Baby name trends of the decade

Baby name trends of the decade

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When looking at how baby names have changed throughout the past decade, one trend stood out above the rest: Parents are rewriting the rules. In the past, parents typically chose from a pool of traditional baby names, but nowadays just about anything is an option. Since 2010, parents have been turning to television shows, nature, video games, and even apps for inspiration. They're giving their babies gender-neutral names, nicknames as names, and names with unique spellings. In the 20+ years we've tracked baby names, the pool of names has expanded significantly. In other words, there are many more names in circulation, and therefore children are less likely to share the same name with a classmate.

The golden age of television

Streaming services like Netflix, Hulu, HBO, Amazon Prime, and now Disney+ have created the golden age of binge-worthy television – and it's reflected in baby name trends.

We saw a boost in character names from popular shows like Downton Abbey (Branson, Elsie, Daisy, Grantham), Mad Men (January, Don, Betty), Stranger Things (Nancy, Lucas, Dustin, Joyce), and Game of Thrones (Jorah, Tyrion, Arya, Sansa, Khaleesi). In fact, we didn't see a single baby named Khaleesi before 2010 and now there are several thousand.

Reality TV also consistently showed up in our trends analysis throughout the decade. Among the influencers were Dancing with the Stars (Bruno, Carrie, Leonard), The Voice (Adam, Blake, Gwen), and American Idol (Jennifer, Nicki).

Heroes on-screen and off

Over the decade we saw baby names boosted by superhero movies (Captain, Marvel), Batman (Bruce, Wayne, Wilson), Superman (Clark, Kal-el, Lex), Wonder Woman (Diana), and Spider-Man (Peter, Parker).

Meanwhile, real-life political heroes from yesteryear and present day have been holding court in baby boy names, boosting names like Kennedy, Lincoln, and Barack.

Perhaps the biggest surprise in this category is how video game heroines have held sway. Gamers in the United States have been getting inspiration from the women warriors of their favorite games. Names that climbed were inspired by Legend of Zelda (Zelda), Mortal Kombat (Mileena, Kitana), Final Fantasy (Yuna, Lulu), and The Last of Us (Ellie).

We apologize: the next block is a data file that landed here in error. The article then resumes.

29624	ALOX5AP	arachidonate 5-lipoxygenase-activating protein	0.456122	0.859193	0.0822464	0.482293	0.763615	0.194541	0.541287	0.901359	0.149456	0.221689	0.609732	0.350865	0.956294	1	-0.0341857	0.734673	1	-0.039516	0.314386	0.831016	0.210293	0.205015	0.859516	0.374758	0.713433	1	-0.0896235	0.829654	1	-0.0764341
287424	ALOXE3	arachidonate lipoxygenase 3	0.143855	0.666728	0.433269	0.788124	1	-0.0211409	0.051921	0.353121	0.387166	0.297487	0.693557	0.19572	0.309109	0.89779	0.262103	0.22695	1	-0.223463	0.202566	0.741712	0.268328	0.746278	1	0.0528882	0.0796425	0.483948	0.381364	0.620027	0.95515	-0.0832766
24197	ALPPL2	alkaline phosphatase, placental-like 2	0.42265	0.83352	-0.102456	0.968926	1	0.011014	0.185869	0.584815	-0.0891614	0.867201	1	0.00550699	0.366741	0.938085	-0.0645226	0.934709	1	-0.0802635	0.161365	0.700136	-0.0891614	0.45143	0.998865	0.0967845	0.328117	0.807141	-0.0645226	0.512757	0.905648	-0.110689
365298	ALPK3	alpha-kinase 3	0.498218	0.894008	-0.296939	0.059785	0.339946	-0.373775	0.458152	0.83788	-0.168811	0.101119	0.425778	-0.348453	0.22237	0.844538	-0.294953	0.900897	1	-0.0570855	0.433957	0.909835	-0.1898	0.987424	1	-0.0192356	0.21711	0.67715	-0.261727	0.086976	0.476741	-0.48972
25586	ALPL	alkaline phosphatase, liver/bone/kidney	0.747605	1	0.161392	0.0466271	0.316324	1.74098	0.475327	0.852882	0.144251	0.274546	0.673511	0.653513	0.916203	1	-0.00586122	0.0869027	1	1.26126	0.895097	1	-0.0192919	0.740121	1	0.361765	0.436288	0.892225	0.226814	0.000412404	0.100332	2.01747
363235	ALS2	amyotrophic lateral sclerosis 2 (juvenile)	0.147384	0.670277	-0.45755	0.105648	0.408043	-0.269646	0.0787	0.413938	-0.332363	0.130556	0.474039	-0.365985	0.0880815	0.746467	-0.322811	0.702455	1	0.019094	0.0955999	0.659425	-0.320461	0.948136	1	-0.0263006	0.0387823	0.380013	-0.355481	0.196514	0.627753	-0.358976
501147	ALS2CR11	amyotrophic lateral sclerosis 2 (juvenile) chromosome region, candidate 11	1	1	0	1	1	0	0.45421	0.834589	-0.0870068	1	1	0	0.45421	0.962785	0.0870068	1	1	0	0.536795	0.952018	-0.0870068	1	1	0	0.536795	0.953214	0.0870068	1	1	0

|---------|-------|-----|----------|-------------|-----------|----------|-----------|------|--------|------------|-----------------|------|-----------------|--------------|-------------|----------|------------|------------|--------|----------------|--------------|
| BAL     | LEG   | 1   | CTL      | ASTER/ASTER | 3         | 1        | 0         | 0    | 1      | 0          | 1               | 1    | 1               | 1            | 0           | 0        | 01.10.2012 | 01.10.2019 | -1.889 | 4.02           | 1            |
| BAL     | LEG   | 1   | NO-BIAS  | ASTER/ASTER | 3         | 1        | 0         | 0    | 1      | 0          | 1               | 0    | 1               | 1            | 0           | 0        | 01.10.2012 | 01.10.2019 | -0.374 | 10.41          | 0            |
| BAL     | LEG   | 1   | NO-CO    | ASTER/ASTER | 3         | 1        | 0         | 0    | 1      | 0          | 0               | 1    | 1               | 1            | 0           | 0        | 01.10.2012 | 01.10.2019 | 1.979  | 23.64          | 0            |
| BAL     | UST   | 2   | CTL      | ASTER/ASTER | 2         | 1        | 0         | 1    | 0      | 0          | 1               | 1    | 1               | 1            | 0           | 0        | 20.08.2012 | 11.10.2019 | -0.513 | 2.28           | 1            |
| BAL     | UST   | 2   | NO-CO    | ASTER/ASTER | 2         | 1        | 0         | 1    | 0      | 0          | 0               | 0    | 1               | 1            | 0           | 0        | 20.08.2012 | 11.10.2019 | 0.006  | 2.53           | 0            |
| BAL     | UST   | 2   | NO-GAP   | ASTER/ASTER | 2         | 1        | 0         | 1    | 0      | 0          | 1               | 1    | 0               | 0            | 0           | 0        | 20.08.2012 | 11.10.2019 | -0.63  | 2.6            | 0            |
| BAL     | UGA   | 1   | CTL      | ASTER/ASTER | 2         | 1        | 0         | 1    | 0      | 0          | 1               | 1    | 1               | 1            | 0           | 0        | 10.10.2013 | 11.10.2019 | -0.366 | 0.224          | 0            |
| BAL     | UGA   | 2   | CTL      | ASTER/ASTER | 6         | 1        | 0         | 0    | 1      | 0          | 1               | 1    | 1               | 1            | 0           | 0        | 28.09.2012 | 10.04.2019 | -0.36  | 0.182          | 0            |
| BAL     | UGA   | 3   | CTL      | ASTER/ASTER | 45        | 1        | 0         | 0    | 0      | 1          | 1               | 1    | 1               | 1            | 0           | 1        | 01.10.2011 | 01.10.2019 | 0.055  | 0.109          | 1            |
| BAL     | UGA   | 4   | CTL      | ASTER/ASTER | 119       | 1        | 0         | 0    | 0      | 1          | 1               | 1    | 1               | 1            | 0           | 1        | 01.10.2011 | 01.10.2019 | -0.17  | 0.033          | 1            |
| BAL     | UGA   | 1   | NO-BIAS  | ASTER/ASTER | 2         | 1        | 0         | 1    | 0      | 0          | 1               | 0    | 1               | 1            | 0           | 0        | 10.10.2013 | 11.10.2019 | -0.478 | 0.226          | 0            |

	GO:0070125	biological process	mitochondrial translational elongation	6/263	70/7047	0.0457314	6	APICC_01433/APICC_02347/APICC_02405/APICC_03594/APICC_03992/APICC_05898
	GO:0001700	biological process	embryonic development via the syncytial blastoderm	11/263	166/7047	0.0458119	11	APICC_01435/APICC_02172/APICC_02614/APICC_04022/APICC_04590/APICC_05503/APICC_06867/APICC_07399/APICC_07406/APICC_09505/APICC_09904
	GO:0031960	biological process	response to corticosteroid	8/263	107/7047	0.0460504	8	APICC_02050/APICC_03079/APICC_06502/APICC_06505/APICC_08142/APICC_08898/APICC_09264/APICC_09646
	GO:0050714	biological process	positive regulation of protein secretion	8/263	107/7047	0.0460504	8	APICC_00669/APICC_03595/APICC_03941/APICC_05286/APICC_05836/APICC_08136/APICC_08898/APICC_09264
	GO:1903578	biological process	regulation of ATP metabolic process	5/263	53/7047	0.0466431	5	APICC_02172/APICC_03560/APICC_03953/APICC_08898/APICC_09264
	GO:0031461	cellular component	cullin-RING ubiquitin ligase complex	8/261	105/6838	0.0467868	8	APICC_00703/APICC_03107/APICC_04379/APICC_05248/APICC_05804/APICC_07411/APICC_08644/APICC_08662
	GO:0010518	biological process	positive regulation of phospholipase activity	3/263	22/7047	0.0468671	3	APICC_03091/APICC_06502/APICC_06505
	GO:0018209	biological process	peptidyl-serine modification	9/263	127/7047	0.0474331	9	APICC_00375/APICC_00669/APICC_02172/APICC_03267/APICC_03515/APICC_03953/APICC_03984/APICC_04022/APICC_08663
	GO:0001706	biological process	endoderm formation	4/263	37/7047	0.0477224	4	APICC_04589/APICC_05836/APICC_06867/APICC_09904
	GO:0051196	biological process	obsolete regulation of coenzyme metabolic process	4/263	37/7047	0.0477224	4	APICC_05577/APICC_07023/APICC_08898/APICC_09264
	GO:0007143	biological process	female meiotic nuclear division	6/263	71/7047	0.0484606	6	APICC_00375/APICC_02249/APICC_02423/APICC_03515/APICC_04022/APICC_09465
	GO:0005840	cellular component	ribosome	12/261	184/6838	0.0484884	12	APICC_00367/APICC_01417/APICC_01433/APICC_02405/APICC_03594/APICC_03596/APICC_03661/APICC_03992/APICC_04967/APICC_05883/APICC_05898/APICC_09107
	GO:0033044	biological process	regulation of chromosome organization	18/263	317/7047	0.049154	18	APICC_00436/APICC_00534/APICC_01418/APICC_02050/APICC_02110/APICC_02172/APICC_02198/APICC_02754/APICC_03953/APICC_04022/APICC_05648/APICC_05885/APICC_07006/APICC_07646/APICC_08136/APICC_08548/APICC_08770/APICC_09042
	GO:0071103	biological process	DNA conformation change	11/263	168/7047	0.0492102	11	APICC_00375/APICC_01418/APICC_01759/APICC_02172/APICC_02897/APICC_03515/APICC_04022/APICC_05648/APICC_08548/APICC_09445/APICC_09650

The Instagram influence(r)

This decade brought the explosion of Instagram, a social networking service that launched in 2010. Within two months, 1 million users were registered, and in May 2019, Instagram hit 1 billion users.

Instagram owes much of its popularity to the app's expertly formulated "filters" that add depth, artistry, and shine to just about any photo. Mid-decade, we saw Instagram filter names rise throughout the baby name charts: Ludwig, Amaro, Reyes, Hudson, and Kelvin among boys, and Juno, Valencia, and Willow among girls.

As of December 2019, the most-followed person is footballer Cristiano Ronaldo, with more than 192 million Instagram followers, and the most-followed woman is singer Ariana Grande, with over 168 million followers. Ariana and Cristiano both climbed in popularity this decade, as did Cristiano's son's name, Mateo, which soared 110 spots in our popularity charts.

British invasion

In our quest for more unique names, Americans are crossing the pond, and the Brits have had quite an influence on us during the past decade. Classic English name Bentley shot up almost 500 spots, and Easton rose almost 200, making them the biggest winners for boys. In some years, British celebs boosted names like Adele, Victoria, and Beckham. New parents were even moved to name their little girls Britain and London.

A significant impetus behind our British fascination is obviously the royal family, who added a whole new generation. We've seen more babies named George (plus variations like Georgina, Georgia, Giorgio – Prince George is, after all, third in line for the throne), Harry, William, Pippa, Catherine, and especially Charlotte, which jumped from 93rd to the 15th most popular this decade.

Most recent, Prince Harry and Meghan Markle started the nicknames-as-names trend by naming their firstborn son simply Archie. Other nicknames that went up in 2019 include Cassie, Toni, Nell, Tori, Ricky, and Leo.

Honoring our roots

Choosing a name with special meaning has been one of the top motivating factors for new parents. Many have been demonstrating a reverence for their roots by choosing names that mean something in their religions, cultures, and ancestry. Despite an overall surge in unique names, Biblical names like Noah, Caleb, and Elijah have remained strong throughout the decade.

The biggest shift was the arrival of Muhammad, which started the decade outside of the top 100 but jumped all the way into the top 10 by 2019. In Muslim culture, naming a baby Muhammad is a tradition believed to honor the prophet and bring blessings to the family. Muhammad was able to rise through the ranks because non-Muslim families are increasingly choosing unique names over traditional, creating a smaller pool of babies who share the top 10 names.

Last, old-fashioned names were among the top climbers for girls this decade. We saw upticks in Carol, Shirley, Judith, Frances, Ruth, and Margaret. We're guessing that new parents are giving a nod to their great-grandmothers.

our site News & Analysis is an assessment of recent news designed to cut through the hype and get you what you need to know.

Watch the video: TOP 2021 BABY NAME TRENDS TO LOOK OUT FOR rare and unique boy, girl, u0026 unisex baby names (September 2022).


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